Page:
Gold To Diversify Against Systemic Risk?

Gold has been touted as a hedge against systemic collapse. Historically, gold has a low correlation to the stock market. However, it also has been a pretty big drag on performance except during unpredictable brief self-limited periods.

gold diversification

Gold as a financial asset does not produce income. It is a commodity. So, its value is largely tied to what people are willing to pay for it. If it is a financial crisis, then it might hold value as a currency. Note that gold did not spike in value during the two World Wars. It trailed the stock markets during the recent COVID crisis and did not significantly outperform during the subsequent inflationary recovery period either.

The other problem with gold is storage and trade. If there were truly a systemic collapse, do you think your shares of a gold ETF would be honored? If you have physical gold instead, can you keep it safe? How would you trade it for goods in practical terms? You had best have guns and ammo too. I don’t think an electronic currency in a post-apocalyptic world will fare much better. Who will be tending to the internet and power grid?

We have seen the fact that specialization as an active investment manager usually underperforms. However, it is important to understand the underlying reasons for that and why diversification instead of specialization is the answer. You will be challenged on this by your intuition and prodded by those selling active strategies and products. In fact, your intuition and feelings usually work against you. You don’t get compensated for bad behavior. Instead, diversify amongst asset classes, like stocks and bonds, to dampen the volatility that pokes your emotional inner investor beast’s eyeballs.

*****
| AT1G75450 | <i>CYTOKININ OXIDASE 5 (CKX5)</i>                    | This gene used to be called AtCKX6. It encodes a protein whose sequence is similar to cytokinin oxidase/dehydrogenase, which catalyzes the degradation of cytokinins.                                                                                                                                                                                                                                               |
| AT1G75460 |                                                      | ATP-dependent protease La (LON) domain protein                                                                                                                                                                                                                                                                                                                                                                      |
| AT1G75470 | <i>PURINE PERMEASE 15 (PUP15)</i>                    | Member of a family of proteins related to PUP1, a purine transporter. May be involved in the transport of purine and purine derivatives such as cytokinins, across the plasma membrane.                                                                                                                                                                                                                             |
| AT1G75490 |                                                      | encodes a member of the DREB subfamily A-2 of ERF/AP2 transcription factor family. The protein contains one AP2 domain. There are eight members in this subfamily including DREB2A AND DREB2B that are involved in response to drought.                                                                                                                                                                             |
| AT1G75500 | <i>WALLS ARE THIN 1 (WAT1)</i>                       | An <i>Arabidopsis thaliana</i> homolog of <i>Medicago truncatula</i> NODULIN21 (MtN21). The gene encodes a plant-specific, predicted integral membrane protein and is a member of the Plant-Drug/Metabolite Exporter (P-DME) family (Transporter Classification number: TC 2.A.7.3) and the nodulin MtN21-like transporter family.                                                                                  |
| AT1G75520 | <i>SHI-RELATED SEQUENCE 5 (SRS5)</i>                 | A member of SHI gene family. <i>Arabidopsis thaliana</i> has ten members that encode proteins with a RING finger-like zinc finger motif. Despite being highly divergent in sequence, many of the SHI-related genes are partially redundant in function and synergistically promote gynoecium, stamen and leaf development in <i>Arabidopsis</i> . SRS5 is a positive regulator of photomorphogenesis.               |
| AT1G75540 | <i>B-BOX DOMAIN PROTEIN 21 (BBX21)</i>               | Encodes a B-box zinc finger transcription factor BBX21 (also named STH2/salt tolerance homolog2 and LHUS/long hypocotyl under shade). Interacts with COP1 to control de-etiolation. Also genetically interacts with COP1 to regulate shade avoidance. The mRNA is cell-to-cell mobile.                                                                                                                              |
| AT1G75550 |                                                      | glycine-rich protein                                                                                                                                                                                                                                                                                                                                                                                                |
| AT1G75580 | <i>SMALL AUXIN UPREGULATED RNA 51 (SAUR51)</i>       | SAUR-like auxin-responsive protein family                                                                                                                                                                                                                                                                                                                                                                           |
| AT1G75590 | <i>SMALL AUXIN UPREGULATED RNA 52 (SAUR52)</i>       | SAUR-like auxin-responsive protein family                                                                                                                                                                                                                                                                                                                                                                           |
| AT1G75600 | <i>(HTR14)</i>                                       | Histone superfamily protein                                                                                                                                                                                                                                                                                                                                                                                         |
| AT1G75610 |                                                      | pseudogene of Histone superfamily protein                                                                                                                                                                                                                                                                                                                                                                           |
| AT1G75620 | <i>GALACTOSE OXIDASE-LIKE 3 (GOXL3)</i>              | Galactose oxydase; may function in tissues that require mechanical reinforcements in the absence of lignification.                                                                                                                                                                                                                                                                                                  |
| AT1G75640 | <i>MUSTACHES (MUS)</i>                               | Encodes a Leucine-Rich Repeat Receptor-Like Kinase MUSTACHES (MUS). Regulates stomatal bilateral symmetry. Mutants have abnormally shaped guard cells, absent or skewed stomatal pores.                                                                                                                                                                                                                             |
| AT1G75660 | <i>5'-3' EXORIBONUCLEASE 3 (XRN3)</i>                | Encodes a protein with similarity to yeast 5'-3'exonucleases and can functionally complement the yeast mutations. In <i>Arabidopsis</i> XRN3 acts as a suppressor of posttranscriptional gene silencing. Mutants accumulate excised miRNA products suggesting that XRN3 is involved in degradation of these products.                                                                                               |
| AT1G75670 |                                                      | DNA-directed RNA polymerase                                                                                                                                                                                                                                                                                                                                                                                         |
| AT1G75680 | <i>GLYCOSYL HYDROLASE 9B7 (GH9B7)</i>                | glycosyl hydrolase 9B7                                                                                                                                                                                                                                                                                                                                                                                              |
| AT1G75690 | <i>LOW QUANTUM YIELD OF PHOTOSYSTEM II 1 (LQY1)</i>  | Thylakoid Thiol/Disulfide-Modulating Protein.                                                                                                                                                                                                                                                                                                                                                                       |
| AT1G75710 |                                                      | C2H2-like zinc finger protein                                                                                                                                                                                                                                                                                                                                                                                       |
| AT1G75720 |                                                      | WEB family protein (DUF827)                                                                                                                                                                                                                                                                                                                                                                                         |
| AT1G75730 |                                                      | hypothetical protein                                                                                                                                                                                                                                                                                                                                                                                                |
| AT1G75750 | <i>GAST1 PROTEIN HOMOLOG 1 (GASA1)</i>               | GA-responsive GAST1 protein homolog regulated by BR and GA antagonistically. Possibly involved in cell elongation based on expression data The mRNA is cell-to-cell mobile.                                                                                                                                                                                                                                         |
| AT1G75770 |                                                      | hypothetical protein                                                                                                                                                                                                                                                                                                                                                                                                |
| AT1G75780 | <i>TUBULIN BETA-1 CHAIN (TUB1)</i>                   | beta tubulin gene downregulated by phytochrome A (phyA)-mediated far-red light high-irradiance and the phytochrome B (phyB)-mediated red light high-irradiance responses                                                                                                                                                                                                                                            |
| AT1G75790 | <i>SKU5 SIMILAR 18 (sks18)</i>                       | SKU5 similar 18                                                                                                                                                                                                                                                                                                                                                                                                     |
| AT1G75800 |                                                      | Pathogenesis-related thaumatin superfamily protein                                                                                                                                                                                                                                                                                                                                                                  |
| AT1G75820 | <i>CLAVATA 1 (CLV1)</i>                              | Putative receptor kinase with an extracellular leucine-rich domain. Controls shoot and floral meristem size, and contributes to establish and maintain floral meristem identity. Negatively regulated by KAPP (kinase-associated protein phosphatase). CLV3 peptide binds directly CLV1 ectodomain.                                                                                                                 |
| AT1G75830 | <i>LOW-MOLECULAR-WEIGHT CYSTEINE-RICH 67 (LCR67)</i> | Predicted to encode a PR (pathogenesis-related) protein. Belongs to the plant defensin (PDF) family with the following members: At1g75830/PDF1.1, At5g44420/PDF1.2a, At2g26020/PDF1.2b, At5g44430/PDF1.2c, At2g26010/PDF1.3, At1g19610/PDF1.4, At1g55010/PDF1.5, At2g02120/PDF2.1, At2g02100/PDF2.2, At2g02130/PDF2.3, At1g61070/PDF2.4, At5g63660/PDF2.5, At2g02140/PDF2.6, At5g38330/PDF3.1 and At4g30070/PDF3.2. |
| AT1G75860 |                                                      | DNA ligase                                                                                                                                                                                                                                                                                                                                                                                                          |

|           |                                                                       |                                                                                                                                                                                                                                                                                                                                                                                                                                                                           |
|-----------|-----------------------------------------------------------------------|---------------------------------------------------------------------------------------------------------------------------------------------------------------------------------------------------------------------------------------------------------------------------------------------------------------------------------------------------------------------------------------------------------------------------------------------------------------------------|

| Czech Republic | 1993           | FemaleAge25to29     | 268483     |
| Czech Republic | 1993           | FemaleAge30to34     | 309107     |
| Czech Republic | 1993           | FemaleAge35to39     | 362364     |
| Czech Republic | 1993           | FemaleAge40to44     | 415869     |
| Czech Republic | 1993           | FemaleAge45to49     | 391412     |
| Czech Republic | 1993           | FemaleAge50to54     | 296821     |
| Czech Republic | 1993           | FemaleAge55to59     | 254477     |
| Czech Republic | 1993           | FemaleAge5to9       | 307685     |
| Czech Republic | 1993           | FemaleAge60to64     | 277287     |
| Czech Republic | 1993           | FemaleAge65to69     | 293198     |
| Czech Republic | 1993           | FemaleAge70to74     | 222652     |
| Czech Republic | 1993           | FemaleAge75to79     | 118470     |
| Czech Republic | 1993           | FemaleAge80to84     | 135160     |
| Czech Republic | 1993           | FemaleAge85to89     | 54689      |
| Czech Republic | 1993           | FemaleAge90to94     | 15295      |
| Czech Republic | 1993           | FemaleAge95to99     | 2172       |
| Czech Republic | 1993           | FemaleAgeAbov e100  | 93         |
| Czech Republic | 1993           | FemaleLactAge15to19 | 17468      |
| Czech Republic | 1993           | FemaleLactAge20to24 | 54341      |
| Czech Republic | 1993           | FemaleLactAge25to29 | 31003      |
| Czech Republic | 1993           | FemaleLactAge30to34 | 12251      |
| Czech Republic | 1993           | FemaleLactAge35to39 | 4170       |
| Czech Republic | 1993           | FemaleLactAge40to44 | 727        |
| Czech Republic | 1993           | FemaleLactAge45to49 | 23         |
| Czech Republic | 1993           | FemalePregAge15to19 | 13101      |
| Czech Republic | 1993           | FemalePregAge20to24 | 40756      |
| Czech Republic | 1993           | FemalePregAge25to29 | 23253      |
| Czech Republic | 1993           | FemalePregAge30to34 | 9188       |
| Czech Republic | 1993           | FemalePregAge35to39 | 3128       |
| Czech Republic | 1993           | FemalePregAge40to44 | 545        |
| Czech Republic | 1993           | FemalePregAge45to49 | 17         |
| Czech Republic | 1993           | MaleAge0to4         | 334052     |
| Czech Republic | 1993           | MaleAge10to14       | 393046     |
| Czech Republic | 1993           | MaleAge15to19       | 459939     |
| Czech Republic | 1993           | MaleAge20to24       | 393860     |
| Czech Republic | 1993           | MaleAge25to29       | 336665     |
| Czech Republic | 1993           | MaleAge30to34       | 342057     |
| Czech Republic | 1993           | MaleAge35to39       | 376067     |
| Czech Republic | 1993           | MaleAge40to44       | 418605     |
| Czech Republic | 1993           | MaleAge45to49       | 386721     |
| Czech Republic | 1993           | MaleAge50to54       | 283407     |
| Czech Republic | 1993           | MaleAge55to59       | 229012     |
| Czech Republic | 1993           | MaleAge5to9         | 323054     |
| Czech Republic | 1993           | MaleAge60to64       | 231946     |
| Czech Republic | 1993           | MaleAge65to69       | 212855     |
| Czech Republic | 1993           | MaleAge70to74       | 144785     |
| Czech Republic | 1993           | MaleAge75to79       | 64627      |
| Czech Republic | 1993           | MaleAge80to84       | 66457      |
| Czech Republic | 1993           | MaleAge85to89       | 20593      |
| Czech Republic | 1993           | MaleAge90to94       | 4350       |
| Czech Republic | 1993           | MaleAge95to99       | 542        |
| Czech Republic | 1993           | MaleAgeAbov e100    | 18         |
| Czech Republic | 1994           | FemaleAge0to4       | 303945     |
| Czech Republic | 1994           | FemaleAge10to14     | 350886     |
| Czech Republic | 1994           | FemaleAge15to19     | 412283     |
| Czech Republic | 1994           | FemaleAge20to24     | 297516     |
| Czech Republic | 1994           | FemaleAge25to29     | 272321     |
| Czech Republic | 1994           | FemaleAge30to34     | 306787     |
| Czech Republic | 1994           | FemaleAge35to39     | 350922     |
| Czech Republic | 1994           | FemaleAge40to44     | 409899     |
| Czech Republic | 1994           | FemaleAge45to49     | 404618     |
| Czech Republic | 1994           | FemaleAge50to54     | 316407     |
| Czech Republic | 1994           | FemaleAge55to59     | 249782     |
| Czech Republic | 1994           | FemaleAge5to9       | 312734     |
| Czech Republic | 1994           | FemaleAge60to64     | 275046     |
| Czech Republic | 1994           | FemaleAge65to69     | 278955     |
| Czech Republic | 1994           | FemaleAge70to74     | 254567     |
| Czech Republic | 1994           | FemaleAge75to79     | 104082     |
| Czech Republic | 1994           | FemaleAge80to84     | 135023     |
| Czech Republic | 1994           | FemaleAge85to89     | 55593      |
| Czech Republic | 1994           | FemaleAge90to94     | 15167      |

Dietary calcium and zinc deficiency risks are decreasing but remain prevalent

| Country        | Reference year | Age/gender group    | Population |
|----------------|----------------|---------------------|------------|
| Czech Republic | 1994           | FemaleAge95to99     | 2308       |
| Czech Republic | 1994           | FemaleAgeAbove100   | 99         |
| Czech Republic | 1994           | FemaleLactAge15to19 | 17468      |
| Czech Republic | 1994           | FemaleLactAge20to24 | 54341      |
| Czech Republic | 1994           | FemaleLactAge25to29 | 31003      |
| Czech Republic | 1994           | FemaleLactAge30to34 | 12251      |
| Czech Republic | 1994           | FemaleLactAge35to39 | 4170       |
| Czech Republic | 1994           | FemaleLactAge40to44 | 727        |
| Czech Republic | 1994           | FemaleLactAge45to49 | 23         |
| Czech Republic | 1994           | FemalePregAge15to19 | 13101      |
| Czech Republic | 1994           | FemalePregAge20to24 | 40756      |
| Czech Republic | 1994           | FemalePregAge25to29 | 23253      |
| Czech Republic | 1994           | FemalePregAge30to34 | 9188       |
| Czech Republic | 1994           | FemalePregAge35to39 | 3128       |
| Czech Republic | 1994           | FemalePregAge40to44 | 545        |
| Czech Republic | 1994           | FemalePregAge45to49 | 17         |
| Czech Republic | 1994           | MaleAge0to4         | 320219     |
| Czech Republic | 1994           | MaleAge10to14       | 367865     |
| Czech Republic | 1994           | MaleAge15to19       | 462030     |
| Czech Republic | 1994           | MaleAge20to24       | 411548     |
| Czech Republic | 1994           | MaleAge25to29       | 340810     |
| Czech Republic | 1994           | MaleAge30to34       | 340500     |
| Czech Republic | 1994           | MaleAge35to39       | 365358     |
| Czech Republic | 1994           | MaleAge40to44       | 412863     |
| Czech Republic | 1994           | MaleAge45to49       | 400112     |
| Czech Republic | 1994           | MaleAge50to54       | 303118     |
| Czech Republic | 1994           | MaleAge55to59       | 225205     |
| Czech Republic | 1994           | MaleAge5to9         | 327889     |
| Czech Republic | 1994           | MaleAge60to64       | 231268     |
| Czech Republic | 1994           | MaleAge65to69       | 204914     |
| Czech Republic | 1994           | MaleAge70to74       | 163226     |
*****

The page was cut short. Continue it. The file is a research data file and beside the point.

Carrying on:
Investment diversification maximizes the chance of you being compensated for taking risks without getting derailed by taking uncompensated risks. For example, you can benefit from the overall fact that equities have risk priced into them. You get a discount now based on the risky future and can expect compensation for taking it. However, individual stock results are highly skewed towards loss.

Only 4% of stocks account for the market returns over 90 years of market history. The most common individual stock outcome is total loss. So, your best chance is to make sure that you own those 4% before they come out on top. Diversification to own the whole market does that. “The Market” can mean many things. Diversify across industry sectors and geopolitical regions. That mitigates as much of the specific risk as you can.

financial resilience

You cannot mitigate all idiosyncratic risks. Systemic risk from external shocks with broad impacts occurs regularly, but unpredictably. Your best chance to mitigate against those systemic crises is to have a strong financial platform. Before you invest in riskier assets. Plus, have a toilet paper stockpile. Then, invest your excess money regularly in a diversified portfolio.


  1. Great summary ! You are right doom and gloom even in the news is so pervasive, depressing but SELLs !
    keep up the good work Mark

      1. Just reread this toady April 6/ 24, what a great summary of RISKS !
        Need to read this on a regular basis, should be mandatory for all investors !